Bestsellers and Crossovers
Bestsellers and Crossovers: Famous Keitai Shousetsu
In 2007, literary types across the world were stunned to find out that five of the top ten best-selling books in Japan were initially self-published online by first-time authors who composed the texts on their mobile phones. This page introduces these bestselling keitai shousetsu.
Crossovers into Print
"With the awful state of publishing, to sell a hundred thousand copies is a big deal. For a previously unpublished, completely unknown author to sell two million copies - that got everyone's attention"
In a shocking reversal of contemporary trends in the publishing industry, popular cell phone novels are being published in print form and have been acknowledged as saviors to what was recently a dying industry. The commercial success of the somewhat costly hardcover versions has been a source of confusion to the literary elite and media in Japan, who cannot decide whether they are horrified or relieved at this unusual resuscitation of publishing and reading. Most major bookstores in Japan now have separate keitai shousetsu sections, lending cell phone novels a grudging legitimacy as a genre. So why are fans buying print copies of novels they have already consumed in digital form? According to Mayumi Sato, editor at Goma Books, "often it's because they email suggestions and criticisms to the author on the novel website as the story is unfolding, so they feel like they've contributed to the final product, and they want a hardcopy keepsake of it" (qtd. in Norrie). The deeply felt personal connection to the digital version of the book manifests itself as a desire to possess the printed book as a keepsake in a tangible form.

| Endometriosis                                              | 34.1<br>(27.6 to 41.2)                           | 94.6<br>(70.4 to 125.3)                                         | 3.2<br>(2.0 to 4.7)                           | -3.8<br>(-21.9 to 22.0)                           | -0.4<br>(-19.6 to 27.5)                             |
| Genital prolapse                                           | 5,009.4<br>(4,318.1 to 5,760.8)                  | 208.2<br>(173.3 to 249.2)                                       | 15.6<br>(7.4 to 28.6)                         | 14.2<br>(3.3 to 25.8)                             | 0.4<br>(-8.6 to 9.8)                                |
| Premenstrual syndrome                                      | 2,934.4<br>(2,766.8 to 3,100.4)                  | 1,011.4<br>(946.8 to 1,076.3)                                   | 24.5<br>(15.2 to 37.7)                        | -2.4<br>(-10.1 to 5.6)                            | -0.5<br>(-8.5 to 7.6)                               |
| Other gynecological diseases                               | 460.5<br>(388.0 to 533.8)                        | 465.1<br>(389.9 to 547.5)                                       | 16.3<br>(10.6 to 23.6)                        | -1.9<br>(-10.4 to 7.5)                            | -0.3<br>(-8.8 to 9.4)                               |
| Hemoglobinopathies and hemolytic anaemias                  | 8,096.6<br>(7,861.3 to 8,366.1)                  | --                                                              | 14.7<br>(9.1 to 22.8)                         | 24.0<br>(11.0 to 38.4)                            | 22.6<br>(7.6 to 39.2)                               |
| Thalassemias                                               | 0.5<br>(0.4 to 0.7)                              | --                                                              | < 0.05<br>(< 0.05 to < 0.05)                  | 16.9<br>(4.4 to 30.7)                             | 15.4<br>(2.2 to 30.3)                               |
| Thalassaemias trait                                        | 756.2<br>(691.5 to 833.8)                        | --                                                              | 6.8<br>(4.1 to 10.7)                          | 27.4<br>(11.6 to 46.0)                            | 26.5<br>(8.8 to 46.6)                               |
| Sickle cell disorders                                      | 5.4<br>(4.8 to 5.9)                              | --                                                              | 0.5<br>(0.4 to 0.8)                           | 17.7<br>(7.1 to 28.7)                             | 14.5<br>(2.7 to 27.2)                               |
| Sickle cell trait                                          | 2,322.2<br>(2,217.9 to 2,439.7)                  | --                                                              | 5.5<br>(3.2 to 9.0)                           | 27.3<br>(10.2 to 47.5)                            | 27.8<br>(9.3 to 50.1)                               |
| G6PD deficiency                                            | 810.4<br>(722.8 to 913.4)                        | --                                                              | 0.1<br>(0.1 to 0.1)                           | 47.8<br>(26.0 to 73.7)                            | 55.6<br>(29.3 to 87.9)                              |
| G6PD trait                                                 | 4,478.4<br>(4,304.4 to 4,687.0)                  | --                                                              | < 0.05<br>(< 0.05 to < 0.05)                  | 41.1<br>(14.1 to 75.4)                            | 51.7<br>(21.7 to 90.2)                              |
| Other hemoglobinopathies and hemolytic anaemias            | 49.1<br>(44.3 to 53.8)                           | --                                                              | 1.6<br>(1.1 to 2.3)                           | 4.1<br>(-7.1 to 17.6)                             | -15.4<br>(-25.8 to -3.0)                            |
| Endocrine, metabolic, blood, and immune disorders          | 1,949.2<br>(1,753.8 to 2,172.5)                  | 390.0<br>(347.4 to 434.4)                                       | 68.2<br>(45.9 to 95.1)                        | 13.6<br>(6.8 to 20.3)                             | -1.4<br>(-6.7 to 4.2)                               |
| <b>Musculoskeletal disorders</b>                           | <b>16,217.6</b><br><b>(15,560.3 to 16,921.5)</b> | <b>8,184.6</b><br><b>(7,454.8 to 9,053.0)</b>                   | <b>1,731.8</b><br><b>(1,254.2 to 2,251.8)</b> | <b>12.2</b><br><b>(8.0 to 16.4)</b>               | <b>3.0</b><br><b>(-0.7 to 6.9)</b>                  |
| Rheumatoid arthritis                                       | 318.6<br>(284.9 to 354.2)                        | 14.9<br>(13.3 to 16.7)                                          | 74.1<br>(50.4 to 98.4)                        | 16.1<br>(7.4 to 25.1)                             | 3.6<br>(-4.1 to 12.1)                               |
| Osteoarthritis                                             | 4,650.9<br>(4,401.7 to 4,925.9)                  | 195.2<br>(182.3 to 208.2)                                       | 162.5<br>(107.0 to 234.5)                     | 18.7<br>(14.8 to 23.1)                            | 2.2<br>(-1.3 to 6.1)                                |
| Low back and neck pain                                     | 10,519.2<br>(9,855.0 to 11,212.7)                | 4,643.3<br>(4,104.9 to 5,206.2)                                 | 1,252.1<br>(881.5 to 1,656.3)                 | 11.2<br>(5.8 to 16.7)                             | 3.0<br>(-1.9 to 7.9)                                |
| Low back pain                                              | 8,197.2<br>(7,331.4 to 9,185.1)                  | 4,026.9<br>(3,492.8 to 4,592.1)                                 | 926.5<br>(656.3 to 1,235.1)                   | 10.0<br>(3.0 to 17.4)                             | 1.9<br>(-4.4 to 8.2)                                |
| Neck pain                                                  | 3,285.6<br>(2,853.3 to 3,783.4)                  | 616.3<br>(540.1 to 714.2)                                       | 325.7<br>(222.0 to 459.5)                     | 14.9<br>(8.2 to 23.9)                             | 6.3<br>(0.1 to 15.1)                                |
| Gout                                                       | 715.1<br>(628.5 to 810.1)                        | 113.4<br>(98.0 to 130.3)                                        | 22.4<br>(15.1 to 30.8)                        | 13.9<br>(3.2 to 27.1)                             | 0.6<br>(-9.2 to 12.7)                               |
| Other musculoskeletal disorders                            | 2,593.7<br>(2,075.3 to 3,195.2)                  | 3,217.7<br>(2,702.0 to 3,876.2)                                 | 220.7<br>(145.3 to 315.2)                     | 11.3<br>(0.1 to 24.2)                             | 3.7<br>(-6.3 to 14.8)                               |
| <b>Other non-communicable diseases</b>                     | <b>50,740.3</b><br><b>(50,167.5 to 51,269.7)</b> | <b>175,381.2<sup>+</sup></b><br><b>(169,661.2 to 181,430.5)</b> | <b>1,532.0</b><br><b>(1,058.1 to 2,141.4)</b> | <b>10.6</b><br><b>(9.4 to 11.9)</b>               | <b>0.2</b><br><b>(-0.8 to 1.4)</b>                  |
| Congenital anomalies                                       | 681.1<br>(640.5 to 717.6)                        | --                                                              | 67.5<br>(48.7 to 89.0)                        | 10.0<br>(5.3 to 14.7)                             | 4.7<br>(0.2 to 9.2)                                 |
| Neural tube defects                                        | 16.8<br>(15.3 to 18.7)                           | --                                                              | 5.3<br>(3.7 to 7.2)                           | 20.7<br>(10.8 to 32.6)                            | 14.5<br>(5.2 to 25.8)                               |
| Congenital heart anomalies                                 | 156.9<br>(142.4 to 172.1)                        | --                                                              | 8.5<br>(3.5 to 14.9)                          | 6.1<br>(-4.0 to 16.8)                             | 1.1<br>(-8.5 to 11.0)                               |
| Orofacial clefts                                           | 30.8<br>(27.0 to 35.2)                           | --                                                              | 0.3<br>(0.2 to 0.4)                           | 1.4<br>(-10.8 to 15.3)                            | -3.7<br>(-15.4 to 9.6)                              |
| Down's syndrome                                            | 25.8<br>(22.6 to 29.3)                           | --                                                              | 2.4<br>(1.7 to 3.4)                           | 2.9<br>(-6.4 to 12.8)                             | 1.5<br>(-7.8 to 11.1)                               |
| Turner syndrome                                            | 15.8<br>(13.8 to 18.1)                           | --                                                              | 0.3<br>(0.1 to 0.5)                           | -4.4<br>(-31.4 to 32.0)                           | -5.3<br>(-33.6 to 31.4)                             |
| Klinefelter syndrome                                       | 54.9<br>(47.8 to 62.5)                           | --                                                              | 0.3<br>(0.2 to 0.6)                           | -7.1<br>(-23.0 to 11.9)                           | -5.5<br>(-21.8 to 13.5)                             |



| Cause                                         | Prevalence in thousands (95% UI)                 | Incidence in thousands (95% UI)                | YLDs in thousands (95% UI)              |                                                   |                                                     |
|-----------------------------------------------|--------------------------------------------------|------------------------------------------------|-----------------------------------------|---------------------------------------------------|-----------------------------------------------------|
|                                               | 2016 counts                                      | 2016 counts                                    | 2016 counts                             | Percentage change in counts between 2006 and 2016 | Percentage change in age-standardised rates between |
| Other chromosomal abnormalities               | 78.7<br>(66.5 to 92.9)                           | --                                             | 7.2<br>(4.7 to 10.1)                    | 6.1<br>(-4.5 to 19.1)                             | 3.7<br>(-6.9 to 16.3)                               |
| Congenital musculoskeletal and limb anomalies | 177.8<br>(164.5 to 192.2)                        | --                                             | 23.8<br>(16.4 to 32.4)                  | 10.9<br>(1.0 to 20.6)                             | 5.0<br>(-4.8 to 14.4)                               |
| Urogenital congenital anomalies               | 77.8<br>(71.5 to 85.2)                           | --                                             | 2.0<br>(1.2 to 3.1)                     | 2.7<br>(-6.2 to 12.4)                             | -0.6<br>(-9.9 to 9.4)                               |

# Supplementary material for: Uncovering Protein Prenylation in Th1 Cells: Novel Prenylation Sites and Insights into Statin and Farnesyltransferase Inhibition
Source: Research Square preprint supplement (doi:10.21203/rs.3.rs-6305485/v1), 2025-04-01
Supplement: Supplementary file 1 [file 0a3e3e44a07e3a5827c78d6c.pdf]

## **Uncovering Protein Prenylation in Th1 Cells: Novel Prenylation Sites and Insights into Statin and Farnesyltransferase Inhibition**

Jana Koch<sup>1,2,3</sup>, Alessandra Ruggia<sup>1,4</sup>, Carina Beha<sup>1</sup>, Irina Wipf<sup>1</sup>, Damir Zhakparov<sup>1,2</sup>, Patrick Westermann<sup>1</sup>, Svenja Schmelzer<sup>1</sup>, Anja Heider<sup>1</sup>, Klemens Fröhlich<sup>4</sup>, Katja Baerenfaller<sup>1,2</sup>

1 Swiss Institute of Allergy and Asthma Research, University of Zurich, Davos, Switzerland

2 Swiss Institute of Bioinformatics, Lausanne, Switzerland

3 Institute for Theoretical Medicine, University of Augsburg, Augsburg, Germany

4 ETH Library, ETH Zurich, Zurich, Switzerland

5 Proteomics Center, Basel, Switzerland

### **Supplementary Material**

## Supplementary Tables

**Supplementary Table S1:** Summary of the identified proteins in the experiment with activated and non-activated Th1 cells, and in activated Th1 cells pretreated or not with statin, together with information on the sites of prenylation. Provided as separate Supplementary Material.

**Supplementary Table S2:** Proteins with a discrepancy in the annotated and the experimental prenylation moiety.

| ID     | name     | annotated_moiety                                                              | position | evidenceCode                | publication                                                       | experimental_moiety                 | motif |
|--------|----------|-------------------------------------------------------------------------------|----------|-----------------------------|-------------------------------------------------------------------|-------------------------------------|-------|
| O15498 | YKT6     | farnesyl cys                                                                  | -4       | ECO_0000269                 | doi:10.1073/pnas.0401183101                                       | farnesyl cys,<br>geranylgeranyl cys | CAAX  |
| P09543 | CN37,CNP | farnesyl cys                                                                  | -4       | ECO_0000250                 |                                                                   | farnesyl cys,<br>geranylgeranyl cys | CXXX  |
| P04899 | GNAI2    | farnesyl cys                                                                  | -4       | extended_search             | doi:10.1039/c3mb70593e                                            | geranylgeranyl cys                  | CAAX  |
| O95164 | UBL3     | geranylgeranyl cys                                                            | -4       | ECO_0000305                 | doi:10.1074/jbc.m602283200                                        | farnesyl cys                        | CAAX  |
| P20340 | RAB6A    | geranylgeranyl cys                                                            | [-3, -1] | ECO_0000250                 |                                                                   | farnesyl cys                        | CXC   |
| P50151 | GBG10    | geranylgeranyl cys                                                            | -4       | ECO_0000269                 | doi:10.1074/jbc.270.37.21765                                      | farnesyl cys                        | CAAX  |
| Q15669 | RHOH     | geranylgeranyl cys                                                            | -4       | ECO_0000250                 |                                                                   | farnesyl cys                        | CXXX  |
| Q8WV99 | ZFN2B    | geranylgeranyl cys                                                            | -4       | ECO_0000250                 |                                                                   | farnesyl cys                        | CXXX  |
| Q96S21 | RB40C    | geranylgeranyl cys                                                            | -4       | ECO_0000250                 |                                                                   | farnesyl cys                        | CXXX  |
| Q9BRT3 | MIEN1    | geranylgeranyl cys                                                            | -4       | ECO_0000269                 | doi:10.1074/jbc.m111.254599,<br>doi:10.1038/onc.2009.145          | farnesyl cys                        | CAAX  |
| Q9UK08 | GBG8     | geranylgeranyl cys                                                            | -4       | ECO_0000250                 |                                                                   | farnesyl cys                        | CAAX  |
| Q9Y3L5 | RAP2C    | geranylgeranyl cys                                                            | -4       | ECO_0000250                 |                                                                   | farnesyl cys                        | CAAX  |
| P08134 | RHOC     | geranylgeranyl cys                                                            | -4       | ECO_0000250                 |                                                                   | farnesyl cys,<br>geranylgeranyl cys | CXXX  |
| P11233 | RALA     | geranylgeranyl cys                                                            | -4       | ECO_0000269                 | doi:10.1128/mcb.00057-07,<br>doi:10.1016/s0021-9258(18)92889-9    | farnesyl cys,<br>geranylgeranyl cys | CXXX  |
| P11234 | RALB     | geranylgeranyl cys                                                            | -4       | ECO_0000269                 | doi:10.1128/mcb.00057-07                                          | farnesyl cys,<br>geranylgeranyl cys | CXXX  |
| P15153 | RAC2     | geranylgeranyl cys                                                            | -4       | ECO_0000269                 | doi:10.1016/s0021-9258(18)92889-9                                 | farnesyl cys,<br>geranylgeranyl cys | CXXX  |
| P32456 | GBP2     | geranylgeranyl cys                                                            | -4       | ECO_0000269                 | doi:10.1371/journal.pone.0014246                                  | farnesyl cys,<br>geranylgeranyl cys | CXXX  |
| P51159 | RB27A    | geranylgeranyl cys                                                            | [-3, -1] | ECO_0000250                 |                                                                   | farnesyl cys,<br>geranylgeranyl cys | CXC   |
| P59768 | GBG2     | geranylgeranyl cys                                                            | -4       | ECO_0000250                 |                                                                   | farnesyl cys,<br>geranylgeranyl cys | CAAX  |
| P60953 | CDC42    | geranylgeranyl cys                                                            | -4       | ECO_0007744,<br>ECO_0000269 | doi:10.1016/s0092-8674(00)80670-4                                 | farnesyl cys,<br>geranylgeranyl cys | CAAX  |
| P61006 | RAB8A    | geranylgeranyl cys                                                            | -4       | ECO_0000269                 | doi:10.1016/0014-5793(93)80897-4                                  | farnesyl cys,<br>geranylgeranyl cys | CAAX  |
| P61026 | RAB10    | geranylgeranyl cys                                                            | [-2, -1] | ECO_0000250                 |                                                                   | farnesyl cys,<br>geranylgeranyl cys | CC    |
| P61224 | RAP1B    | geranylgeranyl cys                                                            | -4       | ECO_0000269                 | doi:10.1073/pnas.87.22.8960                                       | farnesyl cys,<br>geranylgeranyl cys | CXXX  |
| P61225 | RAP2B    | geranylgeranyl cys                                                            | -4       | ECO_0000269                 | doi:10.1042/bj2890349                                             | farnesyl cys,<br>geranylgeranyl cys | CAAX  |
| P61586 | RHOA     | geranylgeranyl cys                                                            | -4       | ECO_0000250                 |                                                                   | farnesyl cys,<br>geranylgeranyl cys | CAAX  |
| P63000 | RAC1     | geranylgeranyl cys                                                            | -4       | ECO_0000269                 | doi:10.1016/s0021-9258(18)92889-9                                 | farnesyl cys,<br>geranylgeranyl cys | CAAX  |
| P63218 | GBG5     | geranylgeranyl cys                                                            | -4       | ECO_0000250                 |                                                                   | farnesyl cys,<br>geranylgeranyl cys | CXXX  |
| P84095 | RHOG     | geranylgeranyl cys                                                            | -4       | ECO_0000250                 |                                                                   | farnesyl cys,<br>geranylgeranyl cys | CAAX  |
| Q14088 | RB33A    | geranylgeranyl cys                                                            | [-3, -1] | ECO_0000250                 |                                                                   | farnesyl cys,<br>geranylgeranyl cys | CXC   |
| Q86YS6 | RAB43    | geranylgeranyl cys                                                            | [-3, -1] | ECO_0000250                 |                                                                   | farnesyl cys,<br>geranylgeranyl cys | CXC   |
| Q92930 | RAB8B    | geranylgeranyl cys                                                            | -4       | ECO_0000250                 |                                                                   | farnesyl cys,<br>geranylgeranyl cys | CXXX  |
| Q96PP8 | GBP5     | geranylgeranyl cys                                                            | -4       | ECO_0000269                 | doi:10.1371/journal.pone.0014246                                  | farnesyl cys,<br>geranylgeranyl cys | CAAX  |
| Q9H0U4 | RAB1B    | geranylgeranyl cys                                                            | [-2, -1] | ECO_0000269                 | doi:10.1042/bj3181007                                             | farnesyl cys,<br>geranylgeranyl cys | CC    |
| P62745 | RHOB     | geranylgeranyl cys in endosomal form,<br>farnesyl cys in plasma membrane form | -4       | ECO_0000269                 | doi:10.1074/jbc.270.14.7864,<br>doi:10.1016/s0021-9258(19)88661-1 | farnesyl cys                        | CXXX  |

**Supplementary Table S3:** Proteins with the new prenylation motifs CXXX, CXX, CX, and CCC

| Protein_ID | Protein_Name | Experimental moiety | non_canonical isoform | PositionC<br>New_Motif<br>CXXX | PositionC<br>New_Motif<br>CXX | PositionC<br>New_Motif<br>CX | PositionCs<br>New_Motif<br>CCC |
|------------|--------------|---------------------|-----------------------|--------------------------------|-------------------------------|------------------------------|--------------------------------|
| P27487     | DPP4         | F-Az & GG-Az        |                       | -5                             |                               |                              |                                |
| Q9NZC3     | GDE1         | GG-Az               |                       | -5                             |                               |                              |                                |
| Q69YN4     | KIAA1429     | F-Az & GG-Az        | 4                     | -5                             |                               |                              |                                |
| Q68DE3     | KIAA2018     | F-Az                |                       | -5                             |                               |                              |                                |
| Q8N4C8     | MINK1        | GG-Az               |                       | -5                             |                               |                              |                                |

Physically, the printed books mimic many of the features of their digital counterparts. As on the cell phone screen, the horizontal lines on the page read left to right, rather than the vertical right to left script of standard Japanese books. The ink, as Goodyear notes, is often colored or grey, as black text is believed to be too aggressive or imposing (65-66). The generous spacing of the original text is reproduced on the printed page, as are emoticons and other symbols. Again, critics of the genre lament the potential of these details, particularly the horizontal text, to sully the integrity of Japanese literature. If the newer generations prefer reading in this Westernized fashion, what will happen to traditional Japanese ways of reading and writing? Will local practices be absorbed by the all-consuming maw of globalization? Many critics fear that this will indeed be the case.
Go to the next page to find out more about the literacy debate surrounding keitai shousetsu.Next Page
This paper was originally written in December 2009 by Brianna Erban for LIS 585: Multimedia Literacies. This revised version was submitted to fulfill the requirements for LIS 600: Capping Exercise at the School of Library and Information Studies, University of Alberta, Edmonton, Alberta, Canada.
Last updated May 6, 2010.